The functional longevity of the ovaries in the bitch is unknown. although ovarian function generally declines after the bitch is eight to 10 years old, the ovaries may cease to function earlier (premature ovarian failure). Pituitary hormone serum concentrations reflect ovarian function because when the ovaries fail, the pituitary gonadotropins (follicle stimulating hormone [fsh] and lh) continue to be produced and reach high serum concentrations. Currently, few centers in the united states have the facilities for determining fsh and lh concentrations. Premature ovarian failure is not a treatable condition. This diagnostic approach also can be used to determine if a bitch with an unknown past history has been ovariohysterectomized.

3) Prolonged Interestrous Intervals :

Interestrous intervals greater than 10 months are considered prolonged in dogs, with the exception of the Basenji. In aging females (those older than eight years) the interestrous interval may lengthen. If such prolonged cycles are fertile, an investigation into the cause of the long interval is not indicated. Possible differential diagnoses for infertile cycles that have a prolonged interestrous interval may be explored by answering the following questions.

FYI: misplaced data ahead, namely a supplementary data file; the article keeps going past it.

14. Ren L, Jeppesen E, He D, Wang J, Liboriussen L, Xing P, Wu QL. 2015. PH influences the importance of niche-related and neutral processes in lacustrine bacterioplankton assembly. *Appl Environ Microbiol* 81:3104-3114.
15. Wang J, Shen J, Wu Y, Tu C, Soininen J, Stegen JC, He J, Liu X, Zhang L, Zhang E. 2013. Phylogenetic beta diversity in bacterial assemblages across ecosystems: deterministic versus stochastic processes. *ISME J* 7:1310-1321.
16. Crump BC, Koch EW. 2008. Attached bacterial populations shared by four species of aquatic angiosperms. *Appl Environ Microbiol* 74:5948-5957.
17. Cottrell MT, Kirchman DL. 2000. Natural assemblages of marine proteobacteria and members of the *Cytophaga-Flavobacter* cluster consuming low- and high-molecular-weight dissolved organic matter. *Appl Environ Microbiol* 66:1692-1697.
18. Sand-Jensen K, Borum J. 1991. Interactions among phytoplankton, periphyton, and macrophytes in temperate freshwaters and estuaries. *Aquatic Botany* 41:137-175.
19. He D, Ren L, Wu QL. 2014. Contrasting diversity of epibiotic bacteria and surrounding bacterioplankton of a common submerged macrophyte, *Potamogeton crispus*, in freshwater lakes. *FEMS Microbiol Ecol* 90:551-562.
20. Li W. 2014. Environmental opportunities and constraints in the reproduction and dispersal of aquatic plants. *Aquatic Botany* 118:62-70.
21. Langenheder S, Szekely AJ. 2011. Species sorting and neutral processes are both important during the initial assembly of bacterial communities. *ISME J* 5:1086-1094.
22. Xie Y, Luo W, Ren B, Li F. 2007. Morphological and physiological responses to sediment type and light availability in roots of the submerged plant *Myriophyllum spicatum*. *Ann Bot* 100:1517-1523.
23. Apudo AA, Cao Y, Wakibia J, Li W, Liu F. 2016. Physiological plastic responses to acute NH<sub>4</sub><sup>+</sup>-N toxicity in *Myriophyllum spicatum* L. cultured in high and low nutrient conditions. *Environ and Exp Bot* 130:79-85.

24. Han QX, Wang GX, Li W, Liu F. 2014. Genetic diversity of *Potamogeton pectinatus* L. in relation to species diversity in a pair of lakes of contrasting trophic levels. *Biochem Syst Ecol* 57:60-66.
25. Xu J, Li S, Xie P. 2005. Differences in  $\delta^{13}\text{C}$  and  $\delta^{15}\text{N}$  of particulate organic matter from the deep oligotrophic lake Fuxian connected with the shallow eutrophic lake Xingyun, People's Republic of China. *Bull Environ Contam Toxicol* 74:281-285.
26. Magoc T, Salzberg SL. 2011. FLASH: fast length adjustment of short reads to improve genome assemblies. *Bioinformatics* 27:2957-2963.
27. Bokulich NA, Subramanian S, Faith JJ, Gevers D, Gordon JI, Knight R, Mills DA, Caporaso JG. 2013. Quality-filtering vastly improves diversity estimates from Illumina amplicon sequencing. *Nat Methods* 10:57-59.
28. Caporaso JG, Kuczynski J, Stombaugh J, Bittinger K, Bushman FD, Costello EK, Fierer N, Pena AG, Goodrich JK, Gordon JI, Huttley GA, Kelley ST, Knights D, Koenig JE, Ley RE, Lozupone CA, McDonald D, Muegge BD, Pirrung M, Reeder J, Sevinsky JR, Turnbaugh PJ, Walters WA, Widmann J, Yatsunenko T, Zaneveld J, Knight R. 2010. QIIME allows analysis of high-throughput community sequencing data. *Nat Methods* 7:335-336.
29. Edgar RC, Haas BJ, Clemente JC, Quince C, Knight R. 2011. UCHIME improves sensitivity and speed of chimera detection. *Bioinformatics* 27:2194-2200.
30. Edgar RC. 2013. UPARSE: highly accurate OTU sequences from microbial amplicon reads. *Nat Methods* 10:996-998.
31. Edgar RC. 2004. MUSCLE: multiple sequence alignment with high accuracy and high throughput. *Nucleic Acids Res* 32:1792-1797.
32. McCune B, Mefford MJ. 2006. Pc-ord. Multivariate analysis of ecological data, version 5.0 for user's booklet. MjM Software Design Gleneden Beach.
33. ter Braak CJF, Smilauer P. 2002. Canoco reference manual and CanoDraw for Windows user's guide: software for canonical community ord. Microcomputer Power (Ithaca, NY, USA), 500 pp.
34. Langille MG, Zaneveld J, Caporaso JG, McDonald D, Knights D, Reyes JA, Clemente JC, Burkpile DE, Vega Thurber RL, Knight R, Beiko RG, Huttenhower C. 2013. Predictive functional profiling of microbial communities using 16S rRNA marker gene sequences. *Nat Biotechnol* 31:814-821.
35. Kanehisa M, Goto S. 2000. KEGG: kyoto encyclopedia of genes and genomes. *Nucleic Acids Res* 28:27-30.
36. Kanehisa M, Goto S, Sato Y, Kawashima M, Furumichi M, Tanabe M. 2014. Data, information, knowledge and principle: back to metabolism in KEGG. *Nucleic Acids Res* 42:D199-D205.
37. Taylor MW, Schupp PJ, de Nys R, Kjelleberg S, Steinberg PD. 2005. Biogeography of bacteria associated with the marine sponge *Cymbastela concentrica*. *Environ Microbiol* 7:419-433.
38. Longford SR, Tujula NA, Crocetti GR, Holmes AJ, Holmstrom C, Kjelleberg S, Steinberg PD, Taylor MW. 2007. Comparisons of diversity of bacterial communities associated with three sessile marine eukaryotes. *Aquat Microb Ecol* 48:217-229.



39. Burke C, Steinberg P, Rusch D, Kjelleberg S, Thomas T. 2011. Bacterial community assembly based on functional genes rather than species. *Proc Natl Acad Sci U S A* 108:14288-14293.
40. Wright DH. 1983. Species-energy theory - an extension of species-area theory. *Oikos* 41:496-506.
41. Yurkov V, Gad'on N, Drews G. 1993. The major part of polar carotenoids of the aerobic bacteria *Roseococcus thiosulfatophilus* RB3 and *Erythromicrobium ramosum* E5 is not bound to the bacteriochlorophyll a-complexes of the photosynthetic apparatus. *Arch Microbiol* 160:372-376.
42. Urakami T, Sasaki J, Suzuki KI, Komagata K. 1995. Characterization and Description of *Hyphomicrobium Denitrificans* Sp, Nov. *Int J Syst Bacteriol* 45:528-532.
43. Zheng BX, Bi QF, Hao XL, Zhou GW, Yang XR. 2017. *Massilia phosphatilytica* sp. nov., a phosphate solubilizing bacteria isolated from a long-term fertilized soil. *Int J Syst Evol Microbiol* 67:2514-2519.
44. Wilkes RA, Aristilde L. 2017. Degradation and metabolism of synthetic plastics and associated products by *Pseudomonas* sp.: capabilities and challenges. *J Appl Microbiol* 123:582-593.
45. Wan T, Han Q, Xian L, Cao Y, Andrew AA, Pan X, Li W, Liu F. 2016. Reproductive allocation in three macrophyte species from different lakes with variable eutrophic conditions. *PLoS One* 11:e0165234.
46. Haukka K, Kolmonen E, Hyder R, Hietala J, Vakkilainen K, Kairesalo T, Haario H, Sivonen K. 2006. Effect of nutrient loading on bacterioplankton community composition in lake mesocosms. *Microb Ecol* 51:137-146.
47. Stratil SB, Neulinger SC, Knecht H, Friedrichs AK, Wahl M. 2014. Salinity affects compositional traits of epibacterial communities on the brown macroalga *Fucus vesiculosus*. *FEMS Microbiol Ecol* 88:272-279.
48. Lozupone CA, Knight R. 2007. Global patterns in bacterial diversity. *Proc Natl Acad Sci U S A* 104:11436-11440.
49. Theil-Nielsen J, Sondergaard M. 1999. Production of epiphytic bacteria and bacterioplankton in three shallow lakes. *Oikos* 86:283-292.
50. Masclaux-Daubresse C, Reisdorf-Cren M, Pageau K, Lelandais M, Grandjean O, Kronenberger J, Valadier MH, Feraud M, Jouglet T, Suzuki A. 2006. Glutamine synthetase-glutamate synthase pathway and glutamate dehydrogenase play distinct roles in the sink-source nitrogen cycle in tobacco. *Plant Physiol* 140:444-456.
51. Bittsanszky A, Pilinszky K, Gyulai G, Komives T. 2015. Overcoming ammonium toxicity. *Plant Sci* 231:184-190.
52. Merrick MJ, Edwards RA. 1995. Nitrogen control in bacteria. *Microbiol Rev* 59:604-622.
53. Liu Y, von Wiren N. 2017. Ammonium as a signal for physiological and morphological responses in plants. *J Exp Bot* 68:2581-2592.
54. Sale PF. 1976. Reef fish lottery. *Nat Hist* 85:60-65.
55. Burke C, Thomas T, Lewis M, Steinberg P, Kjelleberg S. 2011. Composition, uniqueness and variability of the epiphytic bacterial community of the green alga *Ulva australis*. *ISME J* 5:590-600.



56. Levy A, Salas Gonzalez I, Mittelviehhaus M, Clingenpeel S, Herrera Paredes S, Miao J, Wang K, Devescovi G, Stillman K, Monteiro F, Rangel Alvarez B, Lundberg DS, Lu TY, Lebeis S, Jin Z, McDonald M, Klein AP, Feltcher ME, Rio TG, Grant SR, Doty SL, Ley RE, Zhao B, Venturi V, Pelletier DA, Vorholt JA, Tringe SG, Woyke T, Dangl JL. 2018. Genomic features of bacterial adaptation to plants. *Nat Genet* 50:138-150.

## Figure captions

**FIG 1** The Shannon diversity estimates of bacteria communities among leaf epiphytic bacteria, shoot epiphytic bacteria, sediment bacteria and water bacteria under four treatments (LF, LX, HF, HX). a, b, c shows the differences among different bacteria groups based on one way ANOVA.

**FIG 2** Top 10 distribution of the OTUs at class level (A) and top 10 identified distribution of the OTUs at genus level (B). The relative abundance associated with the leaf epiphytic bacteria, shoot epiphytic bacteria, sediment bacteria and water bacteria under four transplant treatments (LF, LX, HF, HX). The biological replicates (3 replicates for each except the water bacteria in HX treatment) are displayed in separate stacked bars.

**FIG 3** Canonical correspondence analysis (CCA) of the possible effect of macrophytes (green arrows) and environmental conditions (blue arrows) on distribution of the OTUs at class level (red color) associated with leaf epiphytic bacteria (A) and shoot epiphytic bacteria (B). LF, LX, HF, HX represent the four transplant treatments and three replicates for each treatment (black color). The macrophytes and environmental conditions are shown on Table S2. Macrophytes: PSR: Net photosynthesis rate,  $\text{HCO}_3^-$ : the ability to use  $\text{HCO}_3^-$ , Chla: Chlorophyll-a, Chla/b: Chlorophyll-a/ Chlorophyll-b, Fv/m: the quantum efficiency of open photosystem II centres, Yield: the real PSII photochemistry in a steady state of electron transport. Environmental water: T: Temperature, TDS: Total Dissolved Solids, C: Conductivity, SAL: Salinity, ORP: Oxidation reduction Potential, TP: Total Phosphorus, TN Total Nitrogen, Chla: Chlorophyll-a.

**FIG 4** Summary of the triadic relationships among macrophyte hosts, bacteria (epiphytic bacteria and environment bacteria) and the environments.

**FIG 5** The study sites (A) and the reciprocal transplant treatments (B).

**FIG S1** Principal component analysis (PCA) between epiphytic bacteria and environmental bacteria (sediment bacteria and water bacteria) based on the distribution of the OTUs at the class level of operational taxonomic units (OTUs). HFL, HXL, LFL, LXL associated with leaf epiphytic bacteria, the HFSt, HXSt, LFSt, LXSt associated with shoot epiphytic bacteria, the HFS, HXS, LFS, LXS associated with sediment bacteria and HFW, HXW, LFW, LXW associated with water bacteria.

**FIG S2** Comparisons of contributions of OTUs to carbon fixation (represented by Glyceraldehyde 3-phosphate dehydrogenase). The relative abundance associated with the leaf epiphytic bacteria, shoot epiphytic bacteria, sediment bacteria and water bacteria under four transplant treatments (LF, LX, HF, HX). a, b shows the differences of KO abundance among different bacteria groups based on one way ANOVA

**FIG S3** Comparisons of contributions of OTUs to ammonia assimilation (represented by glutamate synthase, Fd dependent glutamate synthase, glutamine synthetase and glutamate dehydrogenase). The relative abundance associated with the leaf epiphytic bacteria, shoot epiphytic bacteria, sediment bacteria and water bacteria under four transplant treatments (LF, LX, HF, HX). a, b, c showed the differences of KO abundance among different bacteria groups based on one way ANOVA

Does the bitch have undetected cycles? A bitch that has a prolonged interestrous interval should be evaluated to determine if a silent heat is occurring between observed estrus periods. This may be determined as discussed above. housing the bitch with another female may induce an earlier cycle.

Does the bitch have an underlying disease process? The bitch should be evaluated for underlying disease that can delay the onset of an estrous cycle. hypothyroidism, in addition to causing persistent anestrus, can cause a prolonged interestrous interval. diagnostic testing, including a response of thyroid hormone (t4) concentration to an injection of exogenous thyrotropin (tsh), is indicated. when hypothyroidism is the cause of the prolonged interestrous intervals, other concurrent signs of hypothyroidism, including dermatologic abnormalities, inappetence, and lack of energy, are usually apparent.